POLITICS

This Guy Used To Run Congress. Now He's Trying To Convince Them To Stop Gay Marriage.

05/26/2015 03:24 pm ET | Updated Sep 08, 2015
AP Photo/Pat Sullivan

WASHINGTON -- "Homosexuality is a behavior. Not a civil right." So argues Restrain the Judges, a conservative coalition that has sponsored billboard ads proclaiming this message.

The group, which is pushing Congress to prevent federal judges from ruling in favor of same-sex marriage, has attracted attention for its ads' controversial comparison of people "born" black, Asian or Latino with gay people "not born this way." Less well-known is the fact that the group is advised by a man once among the most powerful in Washington: former House Majority Leader Tom DeLay (R-Texas).

Same-sex marriage is now allowed in 37 states and the District of Columbia, and many legal experts believe the U.S. Supreme Court will rule in favor of nationwide same-sex marriage in June. But DeLay, who left Congress in 2006 and spent much of the next decade successfully fending off money-laundering charges, isn't ready to concede defeat.

States won't abide by an "illegal ruling by the Supreme Court" like Roe v. Wade, DeLay told HuffPost, referring to the landmark 1973 decision establishing a limited constitutional right to abortion. "There's been several examples where the Supreme Court has ruled and the executive branch and/or the legislative branch has chosen not to enforce it," he added, citing Dred Scott v. Sandford, the 1857 decision holding that African-Americans could not be citizens, which was eventually overturned by the 14th Amendment.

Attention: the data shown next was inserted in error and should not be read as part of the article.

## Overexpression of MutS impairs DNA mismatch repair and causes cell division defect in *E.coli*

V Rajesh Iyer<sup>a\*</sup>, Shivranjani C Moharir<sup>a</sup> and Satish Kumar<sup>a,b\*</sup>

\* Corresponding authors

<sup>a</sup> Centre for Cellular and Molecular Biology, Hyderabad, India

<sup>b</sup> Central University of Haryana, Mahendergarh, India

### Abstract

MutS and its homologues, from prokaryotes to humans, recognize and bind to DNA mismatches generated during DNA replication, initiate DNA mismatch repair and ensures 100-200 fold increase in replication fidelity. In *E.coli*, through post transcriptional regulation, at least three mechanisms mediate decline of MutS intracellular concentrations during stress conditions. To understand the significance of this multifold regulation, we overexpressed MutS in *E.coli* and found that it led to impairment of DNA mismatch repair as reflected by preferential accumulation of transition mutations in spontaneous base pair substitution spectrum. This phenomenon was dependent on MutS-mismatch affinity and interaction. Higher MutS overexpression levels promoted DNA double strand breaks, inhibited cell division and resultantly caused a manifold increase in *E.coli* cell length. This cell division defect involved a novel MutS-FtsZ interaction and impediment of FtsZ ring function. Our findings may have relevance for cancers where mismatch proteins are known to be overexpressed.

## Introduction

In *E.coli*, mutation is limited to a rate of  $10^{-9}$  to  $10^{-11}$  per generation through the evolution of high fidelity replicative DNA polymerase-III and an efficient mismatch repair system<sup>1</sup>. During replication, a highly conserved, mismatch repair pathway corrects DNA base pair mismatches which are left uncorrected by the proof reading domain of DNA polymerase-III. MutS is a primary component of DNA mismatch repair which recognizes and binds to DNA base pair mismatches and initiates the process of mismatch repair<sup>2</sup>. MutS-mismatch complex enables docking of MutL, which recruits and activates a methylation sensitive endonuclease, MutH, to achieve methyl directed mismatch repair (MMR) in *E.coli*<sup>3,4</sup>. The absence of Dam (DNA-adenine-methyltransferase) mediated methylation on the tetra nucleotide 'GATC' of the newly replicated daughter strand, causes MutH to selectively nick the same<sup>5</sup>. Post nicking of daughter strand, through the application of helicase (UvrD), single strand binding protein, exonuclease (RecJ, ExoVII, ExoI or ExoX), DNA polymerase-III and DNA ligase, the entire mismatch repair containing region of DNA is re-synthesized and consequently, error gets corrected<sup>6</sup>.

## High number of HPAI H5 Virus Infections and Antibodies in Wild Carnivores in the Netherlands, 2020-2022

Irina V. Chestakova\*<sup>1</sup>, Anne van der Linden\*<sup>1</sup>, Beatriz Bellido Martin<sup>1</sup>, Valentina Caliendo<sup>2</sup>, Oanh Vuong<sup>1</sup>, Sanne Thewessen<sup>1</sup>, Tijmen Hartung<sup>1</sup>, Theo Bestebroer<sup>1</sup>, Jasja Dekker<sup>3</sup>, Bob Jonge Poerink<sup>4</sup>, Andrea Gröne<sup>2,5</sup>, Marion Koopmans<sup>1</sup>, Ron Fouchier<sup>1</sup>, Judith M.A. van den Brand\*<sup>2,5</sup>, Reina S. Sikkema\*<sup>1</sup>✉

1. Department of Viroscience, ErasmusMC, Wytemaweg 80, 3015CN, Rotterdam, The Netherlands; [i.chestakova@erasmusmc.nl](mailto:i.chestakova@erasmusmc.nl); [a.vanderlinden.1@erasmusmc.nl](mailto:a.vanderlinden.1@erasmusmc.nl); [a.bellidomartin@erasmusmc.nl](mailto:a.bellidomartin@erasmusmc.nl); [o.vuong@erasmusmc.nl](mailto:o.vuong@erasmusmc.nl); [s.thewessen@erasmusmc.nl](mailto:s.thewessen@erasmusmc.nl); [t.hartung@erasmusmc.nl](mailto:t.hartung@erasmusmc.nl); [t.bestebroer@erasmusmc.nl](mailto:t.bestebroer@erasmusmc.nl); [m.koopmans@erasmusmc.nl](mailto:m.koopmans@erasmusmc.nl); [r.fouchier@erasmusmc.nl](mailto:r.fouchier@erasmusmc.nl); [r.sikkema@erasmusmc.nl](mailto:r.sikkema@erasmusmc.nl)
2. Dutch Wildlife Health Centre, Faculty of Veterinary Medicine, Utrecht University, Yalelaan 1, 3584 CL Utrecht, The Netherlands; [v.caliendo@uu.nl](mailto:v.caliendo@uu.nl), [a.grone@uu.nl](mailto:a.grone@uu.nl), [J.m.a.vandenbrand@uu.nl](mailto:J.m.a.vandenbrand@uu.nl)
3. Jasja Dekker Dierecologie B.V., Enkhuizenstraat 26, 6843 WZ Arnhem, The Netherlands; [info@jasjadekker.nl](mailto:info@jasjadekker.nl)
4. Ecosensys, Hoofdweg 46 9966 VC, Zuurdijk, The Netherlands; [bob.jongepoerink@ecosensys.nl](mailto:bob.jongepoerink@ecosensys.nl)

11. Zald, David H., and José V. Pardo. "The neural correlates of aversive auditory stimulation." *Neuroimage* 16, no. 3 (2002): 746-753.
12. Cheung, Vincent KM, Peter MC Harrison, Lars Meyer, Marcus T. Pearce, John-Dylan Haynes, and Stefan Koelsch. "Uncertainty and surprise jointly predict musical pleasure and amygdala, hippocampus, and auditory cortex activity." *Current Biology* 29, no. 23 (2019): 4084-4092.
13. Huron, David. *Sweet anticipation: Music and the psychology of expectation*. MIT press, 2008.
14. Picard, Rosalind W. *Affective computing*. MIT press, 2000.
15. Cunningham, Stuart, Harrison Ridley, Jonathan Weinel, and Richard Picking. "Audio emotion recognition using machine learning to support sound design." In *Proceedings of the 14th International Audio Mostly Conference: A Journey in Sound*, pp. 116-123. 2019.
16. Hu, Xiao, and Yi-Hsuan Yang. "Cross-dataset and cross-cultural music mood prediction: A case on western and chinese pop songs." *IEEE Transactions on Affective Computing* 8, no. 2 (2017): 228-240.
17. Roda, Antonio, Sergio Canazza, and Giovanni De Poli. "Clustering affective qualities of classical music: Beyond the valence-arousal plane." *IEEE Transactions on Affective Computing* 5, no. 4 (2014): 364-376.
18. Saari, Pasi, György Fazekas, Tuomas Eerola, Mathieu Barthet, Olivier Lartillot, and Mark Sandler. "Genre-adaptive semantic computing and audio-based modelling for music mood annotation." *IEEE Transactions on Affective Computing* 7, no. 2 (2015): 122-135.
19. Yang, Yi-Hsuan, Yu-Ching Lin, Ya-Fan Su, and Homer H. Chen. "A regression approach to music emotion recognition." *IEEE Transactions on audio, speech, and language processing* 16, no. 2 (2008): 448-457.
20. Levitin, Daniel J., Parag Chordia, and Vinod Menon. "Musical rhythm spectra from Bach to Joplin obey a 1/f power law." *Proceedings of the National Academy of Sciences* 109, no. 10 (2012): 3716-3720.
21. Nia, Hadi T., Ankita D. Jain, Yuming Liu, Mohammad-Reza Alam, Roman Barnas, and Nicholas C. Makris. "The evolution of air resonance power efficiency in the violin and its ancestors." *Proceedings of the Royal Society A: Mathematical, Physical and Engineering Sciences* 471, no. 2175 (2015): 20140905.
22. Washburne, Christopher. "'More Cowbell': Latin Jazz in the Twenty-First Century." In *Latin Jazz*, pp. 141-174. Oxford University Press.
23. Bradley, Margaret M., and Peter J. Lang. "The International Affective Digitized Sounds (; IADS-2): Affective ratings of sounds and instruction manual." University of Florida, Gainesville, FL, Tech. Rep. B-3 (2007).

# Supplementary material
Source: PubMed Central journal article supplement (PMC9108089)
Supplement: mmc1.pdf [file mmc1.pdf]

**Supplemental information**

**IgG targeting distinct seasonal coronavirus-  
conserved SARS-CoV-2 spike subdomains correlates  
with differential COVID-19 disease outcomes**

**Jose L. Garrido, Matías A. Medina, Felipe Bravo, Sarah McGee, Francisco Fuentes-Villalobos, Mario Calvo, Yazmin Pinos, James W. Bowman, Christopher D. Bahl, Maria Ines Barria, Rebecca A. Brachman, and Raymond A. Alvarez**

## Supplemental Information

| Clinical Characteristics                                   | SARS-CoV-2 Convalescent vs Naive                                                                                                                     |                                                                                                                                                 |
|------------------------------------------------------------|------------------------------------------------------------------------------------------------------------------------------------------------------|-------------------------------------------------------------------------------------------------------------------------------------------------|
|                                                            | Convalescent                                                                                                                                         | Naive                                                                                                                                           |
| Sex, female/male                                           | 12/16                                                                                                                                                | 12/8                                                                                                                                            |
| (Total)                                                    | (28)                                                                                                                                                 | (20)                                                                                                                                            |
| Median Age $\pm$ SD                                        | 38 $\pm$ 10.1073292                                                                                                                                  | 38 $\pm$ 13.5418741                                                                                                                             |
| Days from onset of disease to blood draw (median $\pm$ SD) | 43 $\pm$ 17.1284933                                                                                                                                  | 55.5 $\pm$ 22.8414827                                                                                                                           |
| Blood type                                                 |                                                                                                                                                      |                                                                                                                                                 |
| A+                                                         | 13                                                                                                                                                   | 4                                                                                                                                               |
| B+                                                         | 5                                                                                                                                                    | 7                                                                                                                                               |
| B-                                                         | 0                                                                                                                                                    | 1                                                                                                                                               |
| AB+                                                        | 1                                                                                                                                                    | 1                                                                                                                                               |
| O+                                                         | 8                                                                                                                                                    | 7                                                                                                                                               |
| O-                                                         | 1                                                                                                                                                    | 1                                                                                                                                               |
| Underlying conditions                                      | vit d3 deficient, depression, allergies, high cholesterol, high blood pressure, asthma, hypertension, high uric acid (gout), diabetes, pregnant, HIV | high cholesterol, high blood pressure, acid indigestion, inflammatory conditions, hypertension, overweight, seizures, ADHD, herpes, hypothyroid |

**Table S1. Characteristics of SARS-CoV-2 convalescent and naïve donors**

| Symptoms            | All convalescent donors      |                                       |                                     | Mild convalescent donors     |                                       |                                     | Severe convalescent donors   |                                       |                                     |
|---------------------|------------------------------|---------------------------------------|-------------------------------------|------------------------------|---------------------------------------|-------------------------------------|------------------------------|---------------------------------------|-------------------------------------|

In addition to the billboard campaign, Restrain the Judges rallied on the Supreme Court steps last month as the justices heard oral argument on marriage equality. But the centerpiece of the group's campaign is an effort to push Congress to strip federal courts of jurisdiction over marriage issues. To that end, the group sends faux restraining orders -- 350,000 of them so far, according to Janet Porter, who started the coalition -- to Supreme Court justices and members of Congress asking lawmakers to "restrain federal judges from ruling on marriage."

Porter, who successfully lobbied for passage of the first "partial-birth" abortion ban in the United States and once started a short-lived social network called ReaganBook, said she launched Restrain the Judges with help from DeLay, activists Phyllis and Andy Schlafly, and other conservative leaders. Other members of the coalition include Vision America Action, which contends that outside marriage, "sexual activity becomes nothing more or less than the selfish manipulation of another human being," and Steven Hotze, a conservative doctor who has said gay rights will lead to child molestation.

"We are calling on Congress to ... remove jurisdiction from Federal Courts and appellate jurisdiction from the Supreme Court to rule on marriage," Porter told HuffPost in an email.

Occasionally, DeLay has reached out to lawmakers to advance Restrain the Judges' agenda. He said he encouraged Rep. Steve King (R-Iowa) and Sen. Ted Cruz (R-Texas), via Cruz's staff, to introduce bills last month that would restrict federal judges from weighing in on same-sex marriage. (Cruz was already working on this legislation on his own, DeLay said.) The bills will be "catalysts for people to rally around" whether they pass or not, DeLay added.

Cruz and King did not respond to requests for comment.

Asked whether his advocacy is focused right now on same-sex marriage or if he is looking at broader issues, DeLay complained that it was a loaded question akin to asking when you last "beat your wife."

He said, "I'm involved in a lot of different things." He's "activating pastors" and "doing speeches on spiritual revival." He helped organize a declaration to the Supreme Court signed by at least 40,000 people who say they "will not accept" a decision in favor of same-sex marriage.

"I'm trying to provide leadership to the conservative movement," DeLay said. "I'm very busy."

Related on HuffPost:

Gay Marriage Protests Outside SCOTUS
Suggest a correction
1,151 Comments

CONVERSATIONS